Finding a Counsellor or Therapist

If you decide to seek therapy, we want it to work for you. So we are encouraging you to be an informed consumer, and perhaps a little sceptical of mental health services. Let us begin by saying that therapy works! In fact fifty years of research have unequivocally demonstrated that those in treatment are better off than 80 percent of the people in the no treatment comparison groups.

So seeking a therapist to assist you in your efforts can be exactly what you need to inspire the changes you wish to make. But a key factor is finding a therapist that is a good fit. Not all therapists are created equal nor are therapist’s approaches all a good enough match with your theory of change.

The best way to start is to call prospective therapists and interview them by phone. It doesn’t really matter what professional degree the person holds (social worker, counsellor, psychologist, marital and family therapist) or whether she or he has a masters or a doctorate, unless of course you have a real preference or believe that such distinctions are important for you. It is much more critical that you find a person you can work with – who is a good fit for you.

Get the nuts and bolts questions regarding fees, insurance, and location out of the way first. Tell him or her that you are interviewing prospective therapists and would like to schedule a ten-minute free phone call with them. An unwillingness to give you ten minutes to ensure a good fit should be all the information you need to cross this one off your list. Respect the therapist’s time and keep to the ten minutes.

Ask these questions or any others you think are relevant to you.

  • What is your philosophy or orientation of therapy?
  • How do you think change happens?
  • What do you think of diagnoses?
  • How important do you consider collaboration and client participation?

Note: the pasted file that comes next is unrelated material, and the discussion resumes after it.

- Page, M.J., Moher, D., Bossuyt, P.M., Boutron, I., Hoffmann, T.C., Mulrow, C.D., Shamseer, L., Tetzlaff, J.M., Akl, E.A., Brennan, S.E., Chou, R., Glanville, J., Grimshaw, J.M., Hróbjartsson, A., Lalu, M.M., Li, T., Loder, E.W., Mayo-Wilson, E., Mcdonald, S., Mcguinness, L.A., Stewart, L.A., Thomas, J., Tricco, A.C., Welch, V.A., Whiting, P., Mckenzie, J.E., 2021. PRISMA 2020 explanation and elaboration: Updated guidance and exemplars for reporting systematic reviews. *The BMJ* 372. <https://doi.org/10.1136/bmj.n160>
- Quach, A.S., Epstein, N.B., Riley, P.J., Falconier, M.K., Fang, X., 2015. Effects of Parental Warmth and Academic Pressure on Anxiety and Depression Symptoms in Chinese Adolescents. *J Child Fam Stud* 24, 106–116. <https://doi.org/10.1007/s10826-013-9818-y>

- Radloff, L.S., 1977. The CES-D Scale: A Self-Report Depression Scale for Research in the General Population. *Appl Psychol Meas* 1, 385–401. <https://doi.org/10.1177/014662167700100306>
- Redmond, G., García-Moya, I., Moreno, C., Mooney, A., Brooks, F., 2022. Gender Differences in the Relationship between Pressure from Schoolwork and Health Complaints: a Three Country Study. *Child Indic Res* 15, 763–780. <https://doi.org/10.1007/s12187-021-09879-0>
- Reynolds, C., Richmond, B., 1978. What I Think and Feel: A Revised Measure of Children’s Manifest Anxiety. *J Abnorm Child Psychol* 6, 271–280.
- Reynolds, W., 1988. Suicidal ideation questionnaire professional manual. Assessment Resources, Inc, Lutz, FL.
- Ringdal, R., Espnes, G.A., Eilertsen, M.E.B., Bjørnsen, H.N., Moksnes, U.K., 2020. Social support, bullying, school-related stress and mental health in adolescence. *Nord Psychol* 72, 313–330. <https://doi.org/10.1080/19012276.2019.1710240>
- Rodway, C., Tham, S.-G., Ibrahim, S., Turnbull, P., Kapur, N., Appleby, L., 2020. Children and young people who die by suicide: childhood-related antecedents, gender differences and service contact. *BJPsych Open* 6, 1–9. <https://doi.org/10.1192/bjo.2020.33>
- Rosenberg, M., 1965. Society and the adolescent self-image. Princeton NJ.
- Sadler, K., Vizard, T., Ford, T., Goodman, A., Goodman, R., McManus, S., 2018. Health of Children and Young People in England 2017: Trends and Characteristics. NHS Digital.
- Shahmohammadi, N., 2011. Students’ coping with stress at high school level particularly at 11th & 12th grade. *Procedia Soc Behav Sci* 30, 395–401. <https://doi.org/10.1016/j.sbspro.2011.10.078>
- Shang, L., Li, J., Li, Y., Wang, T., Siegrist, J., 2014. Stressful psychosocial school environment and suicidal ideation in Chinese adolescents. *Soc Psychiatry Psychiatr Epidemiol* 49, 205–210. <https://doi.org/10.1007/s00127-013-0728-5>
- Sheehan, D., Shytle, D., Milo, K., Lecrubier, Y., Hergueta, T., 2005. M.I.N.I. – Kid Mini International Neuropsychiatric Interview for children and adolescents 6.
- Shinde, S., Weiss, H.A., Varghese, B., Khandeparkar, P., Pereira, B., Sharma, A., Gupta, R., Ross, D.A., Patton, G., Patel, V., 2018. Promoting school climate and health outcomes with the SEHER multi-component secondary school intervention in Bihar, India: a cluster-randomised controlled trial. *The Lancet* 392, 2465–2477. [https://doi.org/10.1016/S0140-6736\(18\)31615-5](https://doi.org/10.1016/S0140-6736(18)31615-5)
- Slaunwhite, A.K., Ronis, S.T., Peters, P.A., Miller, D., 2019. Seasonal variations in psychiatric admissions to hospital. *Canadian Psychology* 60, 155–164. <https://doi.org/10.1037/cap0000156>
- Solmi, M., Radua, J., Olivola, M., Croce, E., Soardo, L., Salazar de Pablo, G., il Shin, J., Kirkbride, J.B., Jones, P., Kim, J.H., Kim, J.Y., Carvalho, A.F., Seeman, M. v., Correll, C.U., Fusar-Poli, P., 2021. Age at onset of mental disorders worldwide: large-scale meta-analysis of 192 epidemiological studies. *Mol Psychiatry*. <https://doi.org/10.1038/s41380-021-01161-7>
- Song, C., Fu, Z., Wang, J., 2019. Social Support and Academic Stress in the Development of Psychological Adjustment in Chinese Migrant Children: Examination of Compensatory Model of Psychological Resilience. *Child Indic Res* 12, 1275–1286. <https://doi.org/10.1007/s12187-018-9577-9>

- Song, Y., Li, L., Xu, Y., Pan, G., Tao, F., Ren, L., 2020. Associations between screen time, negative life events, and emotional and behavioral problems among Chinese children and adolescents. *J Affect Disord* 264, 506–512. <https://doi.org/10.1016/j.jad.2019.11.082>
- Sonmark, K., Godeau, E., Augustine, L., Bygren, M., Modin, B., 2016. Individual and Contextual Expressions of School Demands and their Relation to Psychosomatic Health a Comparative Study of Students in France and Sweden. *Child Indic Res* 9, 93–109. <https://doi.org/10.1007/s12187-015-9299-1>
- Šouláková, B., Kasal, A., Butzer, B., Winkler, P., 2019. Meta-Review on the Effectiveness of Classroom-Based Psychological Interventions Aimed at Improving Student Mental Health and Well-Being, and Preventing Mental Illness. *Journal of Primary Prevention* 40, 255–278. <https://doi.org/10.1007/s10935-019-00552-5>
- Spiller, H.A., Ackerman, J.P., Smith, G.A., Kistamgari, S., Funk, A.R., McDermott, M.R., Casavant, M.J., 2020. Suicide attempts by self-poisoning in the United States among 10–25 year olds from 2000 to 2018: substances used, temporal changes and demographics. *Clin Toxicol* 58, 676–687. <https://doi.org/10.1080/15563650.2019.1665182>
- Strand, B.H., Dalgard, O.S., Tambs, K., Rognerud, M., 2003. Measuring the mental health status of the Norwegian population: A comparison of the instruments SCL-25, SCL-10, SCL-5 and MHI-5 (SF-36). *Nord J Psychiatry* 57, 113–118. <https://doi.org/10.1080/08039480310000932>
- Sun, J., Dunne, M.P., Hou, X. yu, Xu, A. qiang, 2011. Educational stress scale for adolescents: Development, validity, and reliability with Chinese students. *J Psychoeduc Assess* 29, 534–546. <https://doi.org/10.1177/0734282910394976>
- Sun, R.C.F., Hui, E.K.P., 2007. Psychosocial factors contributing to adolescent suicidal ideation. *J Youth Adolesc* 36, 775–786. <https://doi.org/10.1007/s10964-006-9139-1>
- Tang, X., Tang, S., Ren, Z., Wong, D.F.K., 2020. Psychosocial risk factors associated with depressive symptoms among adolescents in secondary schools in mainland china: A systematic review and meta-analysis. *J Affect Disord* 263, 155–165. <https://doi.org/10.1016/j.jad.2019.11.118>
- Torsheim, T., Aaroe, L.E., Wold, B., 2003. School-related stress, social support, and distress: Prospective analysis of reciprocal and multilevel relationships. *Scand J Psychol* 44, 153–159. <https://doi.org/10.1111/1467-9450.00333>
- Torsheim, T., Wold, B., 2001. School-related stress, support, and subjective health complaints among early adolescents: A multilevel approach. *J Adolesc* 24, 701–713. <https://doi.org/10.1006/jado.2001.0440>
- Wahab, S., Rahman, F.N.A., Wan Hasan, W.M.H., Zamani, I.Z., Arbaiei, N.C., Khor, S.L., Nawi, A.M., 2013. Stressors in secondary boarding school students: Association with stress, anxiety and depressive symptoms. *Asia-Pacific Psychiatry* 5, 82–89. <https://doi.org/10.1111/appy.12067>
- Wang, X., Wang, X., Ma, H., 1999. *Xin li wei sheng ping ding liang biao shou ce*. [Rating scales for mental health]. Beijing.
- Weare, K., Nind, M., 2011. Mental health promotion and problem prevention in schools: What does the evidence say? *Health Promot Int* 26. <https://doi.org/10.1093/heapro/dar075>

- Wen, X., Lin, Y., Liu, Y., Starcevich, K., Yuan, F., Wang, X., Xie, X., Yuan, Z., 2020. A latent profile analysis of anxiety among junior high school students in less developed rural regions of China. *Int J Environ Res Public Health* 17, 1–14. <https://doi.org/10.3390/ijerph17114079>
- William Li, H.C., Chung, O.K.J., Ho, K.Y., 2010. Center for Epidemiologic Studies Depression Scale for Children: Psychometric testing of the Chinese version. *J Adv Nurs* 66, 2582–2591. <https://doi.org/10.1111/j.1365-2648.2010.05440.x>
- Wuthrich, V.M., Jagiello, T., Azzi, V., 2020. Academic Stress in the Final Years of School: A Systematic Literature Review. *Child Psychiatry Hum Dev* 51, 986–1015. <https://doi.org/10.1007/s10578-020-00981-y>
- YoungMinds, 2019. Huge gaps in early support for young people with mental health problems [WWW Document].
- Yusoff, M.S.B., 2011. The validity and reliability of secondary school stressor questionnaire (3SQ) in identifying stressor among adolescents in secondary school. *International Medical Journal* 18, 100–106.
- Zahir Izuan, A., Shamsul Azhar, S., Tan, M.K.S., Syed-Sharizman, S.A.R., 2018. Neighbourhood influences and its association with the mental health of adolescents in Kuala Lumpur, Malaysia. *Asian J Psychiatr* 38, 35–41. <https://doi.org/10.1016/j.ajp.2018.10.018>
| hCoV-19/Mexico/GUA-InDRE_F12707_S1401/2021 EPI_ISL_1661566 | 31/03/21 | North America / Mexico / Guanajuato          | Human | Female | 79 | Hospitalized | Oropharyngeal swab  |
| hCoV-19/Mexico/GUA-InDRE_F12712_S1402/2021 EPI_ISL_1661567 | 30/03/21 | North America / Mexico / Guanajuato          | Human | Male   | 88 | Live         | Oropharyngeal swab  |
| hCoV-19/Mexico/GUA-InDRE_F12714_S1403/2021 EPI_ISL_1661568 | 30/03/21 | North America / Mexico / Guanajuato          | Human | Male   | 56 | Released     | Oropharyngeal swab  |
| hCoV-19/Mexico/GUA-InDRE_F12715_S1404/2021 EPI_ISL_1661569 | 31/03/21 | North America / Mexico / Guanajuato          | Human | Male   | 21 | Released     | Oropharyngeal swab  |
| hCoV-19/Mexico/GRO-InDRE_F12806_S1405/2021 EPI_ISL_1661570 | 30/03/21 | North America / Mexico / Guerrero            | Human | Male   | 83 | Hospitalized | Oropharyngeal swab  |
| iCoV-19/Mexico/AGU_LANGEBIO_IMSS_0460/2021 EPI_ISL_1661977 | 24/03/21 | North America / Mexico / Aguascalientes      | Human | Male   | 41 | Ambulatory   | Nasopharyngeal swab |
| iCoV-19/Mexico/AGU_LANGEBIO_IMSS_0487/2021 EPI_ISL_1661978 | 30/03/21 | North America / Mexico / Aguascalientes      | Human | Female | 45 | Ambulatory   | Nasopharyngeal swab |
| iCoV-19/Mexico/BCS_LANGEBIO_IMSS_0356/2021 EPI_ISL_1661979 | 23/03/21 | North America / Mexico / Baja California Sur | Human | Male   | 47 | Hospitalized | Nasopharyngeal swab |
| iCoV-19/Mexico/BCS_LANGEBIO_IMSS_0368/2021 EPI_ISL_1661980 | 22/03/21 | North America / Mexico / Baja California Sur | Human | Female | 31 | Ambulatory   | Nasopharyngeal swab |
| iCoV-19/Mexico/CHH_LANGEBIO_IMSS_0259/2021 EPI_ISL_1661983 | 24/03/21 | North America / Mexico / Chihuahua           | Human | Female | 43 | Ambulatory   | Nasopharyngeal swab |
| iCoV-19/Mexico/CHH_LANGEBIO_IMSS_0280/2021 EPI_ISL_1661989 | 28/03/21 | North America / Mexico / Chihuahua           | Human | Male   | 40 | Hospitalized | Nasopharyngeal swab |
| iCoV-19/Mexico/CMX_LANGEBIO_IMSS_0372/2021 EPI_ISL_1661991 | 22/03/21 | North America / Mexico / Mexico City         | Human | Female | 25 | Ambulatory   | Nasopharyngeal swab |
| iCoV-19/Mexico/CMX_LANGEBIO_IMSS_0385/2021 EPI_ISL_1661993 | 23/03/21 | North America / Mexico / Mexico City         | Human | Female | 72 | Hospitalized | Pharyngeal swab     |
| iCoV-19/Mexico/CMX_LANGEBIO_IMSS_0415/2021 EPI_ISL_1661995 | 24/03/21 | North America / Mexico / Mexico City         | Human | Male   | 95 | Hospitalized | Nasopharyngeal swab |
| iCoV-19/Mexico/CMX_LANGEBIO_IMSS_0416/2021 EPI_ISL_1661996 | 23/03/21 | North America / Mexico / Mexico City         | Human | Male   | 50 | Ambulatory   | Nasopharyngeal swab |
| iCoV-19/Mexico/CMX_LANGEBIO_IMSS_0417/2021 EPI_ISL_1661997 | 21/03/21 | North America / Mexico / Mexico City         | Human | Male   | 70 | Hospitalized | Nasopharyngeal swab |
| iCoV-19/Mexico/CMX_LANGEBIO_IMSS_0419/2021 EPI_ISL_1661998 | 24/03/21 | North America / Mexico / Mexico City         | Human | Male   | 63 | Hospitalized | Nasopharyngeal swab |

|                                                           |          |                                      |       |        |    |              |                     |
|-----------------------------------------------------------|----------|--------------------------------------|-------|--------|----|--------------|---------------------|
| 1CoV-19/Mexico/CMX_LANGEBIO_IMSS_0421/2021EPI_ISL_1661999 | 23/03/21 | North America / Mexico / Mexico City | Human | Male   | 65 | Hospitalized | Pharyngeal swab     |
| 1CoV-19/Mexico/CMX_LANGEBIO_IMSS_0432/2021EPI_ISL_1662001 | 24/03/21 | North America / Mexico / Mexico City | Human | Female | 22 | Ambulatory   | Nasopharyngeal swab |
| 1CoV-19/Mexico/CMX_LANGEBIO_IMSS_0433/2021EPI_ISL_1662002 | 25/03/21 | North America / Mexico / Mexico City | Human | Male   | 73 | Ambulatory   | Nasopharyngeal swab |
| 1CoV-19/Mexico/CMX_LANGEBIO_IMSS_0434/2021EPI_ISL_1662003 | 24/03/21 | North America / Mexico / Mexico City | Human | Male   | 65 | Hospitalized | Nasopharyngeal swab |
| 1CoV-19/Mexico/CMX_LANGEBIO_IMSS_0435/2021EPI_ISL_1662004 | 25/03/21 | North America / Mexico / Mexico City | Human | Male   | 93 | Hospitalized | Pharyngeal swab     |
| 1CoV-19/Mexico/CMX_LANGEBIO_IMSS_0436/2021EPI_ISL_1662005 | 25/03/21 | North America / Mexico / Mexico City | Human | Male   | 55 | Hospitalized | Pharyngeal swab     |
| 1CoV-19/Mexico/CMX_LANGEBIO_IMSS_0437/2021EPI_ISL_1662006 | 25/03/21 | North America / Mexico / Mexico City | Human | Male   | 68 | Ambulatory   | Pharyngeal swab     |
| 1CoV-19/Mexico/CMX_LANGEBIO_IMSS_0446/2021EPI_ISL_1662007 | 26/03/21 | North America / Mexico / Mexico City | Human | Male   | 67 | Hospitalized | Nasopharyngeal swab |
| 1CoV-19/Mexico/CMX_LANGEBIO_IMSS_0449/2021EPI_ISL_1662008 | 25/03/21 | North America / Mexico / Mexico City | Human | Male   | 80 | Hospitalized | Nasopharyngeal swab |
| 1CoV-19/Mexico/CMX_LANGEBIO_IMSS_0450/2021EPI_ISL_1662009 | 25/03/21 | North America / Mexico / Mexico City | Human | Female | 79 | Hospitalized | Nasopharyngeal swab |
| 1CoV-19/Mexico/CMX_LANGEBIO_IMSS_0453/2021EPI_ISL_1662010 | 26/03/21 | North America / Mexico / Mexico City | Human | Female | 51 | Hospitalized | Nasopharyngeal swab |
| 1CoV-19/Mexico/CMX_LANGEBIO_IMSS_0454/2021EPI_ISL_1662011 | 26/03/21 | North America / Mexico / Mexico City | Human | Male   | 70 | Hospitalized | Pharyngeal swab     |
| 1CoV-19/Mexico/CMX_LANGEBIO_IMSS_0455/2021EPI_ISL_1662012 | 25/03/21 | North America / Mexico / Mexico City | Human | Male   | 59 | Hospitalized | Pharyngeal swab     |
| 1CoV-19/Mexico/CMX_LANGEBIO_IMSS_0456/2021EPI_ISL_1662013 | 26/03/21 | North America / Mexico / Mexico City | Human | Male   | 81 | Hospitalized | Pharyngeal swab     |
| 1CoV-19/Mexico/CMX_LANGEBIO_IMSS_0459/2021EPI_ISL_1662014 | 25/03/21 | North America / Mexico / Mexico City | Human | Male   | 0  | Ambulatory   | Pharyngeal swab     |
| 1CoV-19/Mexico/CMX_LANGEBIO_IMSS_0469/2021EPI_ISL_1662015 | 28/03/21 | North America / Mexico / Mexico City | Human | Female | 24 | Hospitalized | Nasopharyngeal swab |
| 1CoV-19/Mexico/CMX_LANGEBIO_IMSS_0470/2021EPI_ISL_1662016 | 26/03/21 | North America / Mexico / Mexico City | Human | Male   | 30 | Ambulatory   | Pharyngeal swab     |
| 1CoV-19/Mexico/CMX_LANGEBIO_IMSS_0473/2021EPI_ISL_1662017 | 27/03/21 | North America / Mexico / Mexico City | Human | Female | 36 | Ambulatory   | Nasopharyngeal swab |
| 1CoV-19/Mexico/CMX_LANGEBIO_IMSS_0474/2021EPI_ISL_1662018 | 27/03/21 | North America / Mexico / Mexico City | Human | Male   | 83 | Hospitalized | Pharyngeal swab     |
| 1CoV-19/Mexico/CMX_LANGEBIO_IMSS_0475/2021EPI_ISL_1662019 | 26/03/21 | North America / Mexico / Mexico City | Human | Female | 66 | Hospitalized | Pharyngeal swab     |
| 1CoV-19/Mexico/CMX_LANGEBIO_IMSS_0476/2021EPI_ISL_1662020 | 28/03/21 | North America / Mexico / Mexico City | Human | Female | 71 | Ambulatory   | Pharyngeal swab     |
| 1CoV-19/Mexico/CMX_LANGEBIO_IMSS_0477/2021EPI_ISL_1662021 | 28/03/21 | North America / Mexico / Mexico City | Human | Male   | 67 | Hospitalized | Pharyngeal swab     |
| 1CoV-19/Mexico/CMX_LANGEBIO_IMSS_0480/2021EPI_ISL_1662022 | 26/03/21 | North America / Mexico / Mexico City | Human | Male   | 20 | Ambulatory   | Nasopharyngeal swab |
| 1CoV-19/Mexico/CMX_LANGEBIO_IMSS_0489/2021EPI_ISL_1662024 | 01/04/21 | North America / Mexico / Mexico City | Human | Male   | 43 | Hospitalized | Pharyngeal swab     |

• How many sessions do you average per client?
  • Do you keep outcome data? Tell me about it.
  • (If they don’t monitor progress) Do you mind if I monitor my progress?
  • How are you at taking feedback from clients about the direction of therapy?

Listen for answers that reflect faith in your resources, strengths, and capabilities as the cornerstone of any change. Listen also for an emphasis on having a good relationship and the importance of your participation. Compare the answers with your own views of how change occurs.

If the therapist identifies with a particular orientation, reflect about whether it fits your theory of change. If it is different but you still think it has some merit, try it out. Recall that change principally results from your input and participation – you are the star of the therapeutic drama. Research shows that:

  1. Change depends on your resources and abilities. Effective therapy utilises your strengths to create solution possibilities.
  2. Change depends on your perceptions of the therapist and the relationship formed in therapy. Effective therapy is based on a strong working alliance – the relationship between you and the therapist.
  3. Change depends upon addressing what you want, fitting this to your views of change and inspiring the hope necessary for action. Effective therapy matches your theory of change.

If you’re ready to search for a registered counsellor in your local area, click here.

by Barry Duncan PhD. Adapted and reprinted with permission